Northumbria CRC improves performance but not rating

Northumbria CRC inspection 2020
Probation Inspectors found that Northumbria CRC had improved but not sufficiently - still rated as "requires improvement".

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Service improving but still not good enough

A probation service in the north of England has made steady progress over the last year, according to probation inspectors in a report published today.

HM Inspectorate of Probation visited Northumbria Community Rehabilitation Company (CRC) last September. The CRC works with more than 3,700 medium and low-risk offenders who are preparing to leave or who have left prison, or who are serving community sentences.

Inspectors looked at 10 aspects of the CRC’s work and have given an overall rating of ‘Requires improvement’.

Chief Inspector of Probation Justin Russell said: “We returned to Northumbria CRC a little over a year after our last inspection. Although we have given the CRC the same rating again, we found that much had improved.

“The management team has made concerted efforts to address the concerns we raised with them in 2018. These efforts are starting to pay dividends, although there is still more to do.”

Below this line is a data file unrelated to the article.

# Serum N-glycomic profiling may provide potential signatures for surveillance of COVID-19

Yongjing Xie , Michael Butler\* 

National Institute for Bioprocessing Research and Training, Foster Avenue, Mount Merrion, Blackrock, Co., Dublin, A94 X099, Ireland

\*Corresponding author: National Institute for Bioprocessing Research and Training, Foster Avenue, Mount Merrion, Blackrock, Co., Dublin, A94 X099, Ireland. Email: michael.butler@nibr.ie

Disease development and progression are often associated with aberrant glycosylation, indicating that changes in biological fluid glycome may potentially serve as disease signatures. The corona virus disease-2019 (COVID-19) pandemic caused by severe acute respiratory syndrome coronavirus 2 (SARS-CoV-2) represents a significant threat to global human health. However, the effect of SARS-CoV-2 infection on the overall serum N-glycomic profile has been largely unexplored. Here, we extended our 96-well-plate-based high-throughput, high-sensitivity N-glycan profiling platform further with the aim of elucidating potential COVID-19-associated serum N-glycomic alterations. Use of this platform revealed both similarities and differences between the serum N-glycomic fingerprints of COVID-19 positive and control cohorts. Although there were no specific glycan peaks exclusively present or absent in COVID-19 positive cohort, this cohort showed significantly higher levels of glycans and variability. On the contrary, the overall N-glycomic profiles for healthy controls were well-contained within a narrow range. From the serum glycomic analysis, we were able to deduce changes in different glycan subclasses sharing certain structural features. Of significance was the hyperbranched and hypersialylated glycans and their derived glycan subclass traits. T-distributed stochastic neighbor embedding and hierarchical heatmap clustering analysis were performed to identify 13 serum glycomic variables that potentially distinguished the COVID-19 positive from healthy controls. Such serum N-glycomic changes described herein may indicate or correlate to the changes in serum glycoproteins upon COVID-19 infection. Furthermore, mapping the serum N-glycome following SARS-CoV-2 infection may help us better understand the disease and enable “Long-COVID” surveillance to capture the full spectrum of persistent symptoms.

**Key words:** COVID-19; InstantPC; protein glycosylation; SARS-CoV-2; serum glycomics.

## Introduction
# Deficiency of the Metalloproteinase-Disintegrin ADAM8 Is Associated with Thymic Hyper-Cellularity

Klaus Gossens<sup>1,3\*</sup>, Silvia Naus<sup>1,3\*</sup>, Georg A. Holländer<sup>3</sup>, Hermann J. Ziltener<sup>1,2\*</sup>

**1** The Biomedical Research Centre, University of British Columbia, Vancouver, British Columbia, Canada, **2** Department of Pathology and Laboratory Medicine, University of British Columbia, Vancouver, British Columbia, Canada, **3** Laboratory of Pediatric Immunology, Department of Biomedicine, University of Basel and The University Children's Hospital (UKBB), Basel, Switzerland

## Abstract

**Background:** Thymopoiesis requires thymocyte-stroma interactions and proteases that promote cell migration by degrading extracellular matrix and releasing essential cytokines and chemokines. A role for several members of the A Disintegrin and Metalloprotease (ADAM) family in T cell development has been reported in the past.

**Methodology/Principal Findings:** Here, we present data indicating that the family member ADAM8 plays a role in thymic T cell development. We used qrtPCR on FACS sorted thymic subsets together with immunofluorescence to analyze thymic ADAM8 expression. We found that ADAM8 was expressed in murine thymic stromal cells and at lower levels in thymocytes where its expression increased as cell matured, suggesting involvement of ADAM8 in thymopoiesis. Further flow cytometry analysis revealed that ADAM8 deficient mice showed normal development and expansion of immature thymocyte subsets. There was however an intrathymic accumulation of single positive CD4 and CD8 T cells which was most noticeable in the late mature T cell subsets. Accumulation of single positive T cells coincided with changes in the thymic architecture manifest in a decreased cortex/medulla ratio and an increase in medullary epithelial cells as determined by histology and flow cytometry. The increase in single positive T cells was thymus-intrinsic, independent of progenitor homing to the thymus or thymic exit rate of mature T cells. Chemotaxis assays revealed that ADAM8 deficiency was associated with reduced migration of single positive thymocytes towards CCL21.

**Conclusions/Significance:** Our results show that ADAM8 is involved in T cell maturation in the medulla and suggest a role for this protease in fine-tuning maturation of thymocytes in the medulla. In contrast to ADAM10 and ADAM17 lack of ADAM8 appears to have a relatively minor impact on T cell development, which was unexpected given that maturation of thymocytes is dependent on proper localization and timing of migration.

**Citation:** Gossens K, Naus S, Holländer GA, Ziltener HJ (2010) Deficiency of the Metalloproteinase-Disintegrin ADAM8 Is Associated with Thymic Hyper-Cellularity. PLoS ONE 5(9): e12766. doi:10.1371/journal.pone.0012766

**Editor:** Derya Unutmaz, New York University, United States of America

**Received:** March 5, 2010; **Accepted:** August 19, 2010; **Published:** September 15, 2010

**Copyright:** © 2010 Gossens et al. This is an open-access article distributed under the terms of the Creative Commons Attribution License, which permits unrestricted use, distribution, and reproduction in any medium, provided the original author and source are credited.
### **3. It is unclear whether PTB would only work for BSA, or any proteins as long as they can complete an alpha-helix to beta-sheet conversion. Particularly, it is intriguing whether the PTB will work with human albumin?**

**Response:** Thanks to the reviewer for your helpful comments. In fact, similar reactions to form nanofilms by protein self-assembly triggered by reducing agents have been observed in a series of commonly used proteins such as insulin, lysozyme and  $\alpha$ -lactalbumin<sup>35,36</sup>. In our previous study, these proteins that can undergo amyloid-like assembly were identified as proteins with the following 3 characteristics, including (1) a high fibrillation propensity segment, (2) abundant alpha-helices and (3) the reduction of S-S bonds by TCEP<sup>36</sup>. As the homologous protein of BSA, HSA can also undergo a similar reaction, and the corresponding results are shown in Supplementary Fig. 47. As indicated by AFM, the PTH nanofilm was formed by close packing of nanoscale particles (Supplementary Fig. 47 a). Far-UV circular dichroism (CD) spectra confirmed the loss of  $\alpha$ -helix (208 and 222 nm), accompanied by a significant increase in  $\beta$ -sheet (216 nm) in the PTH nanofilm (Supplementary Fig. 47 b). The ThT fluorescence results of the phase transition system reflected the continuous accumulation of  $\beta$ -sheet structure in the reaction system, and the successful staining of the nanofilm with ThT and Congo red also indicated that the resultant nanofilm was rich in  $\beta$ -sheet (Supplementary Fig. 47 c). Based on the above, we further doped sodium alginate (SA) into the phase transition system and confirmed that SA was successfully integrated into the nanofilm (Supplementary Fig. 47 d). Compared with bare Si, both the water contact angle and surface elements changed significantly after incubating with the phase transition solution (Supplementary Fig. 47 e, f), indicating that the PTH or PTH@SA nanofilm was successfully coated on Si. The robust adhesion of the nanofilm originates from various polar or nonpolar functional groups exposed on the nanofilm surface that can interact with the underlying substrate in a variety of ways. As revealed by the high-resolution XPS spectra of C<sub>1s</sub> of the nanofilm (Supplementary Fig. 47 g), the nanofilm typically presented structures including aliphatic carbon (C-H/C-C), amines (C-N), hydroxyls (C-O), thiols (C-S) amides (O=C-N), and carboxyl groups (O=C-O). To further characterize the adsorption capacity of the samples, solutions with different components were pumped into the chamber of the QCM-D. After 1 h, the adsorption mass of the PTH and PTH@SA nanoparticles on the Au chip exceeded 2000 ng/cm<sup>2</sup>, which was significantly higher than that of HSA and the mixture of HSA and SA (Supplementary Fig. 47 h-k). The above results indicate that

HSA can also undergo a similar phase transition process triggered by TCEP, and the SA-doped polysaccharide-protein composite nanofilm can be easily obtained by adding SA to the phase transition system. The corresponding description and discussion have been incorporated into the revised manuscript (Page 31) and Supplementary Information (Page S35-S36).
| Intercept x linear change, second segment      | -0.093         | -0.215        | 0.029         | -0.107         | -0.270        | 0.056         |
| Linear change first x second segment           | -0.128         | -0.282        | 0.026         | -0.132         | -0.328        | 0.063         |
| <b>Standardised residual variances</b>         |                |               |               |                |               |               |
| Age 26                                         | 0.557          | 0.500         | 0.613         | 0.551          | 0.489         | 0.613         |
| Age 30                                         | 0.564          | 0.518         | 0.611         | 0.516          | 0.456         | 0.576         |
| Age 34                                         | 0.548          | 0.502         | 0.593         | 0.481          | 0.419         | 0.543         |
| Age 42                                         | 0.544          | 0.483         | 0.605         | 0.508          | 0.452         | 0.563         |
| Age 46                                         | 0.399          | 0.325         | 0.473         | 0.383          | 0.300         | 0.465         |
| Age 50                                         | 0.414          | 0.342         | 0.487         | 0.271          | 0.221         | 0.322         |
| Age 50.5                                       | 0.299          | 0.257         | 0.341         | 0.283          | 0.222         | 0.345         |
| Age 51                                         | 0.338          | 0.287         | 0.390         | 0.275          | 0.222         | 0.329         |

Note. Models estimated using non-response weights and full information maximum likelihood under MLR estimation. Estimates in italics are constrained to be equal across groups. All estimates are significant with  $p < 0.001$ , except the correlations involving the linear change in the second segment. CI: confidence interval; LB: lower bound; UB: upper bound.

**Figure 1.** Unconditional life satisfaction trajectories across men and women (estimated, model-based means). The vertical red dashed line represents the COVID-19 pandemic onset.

Inspectors found positive progress with more detailed assessments of cases, more face-to-face meetings with people under supervision and a welcome end to telephone-only contact.

There was also better access to buildings and improvements to services for victims. The CRC has received additional funding from central government and is now delivering good-quality work with people preparing to leave prison.

Inspectors found an “impressive” range of services in place to help individuals move away from further offending. This included support with issues such as housing, alcohol and substance misuse, and bespoke services for women and military veterans.

The Inspectorate, however, concluded more work needs to be done to improve the handling of risk of harm issues. Inspectors have rated all four aspects of case supervision as ‘Requires improvement’.

Mr Russell said: 

“The public wants to see professional and assured work by probation services to keep people safe from harm.
In some of the inspected cases, probation staff identified risks but did not analyse or explore issues in more depth. We would have liked to have seen a greater degree of professional curiosity. We also found too little consideration was given to victims.
In cases where we expected to see home visits, only a third were completed. Probation officers are missing out on the opportunity to see people in their home environment. This information could help to keep others, such as partners and children, safer.
We urge the CRC to drive further improvements to protect the public from harm.”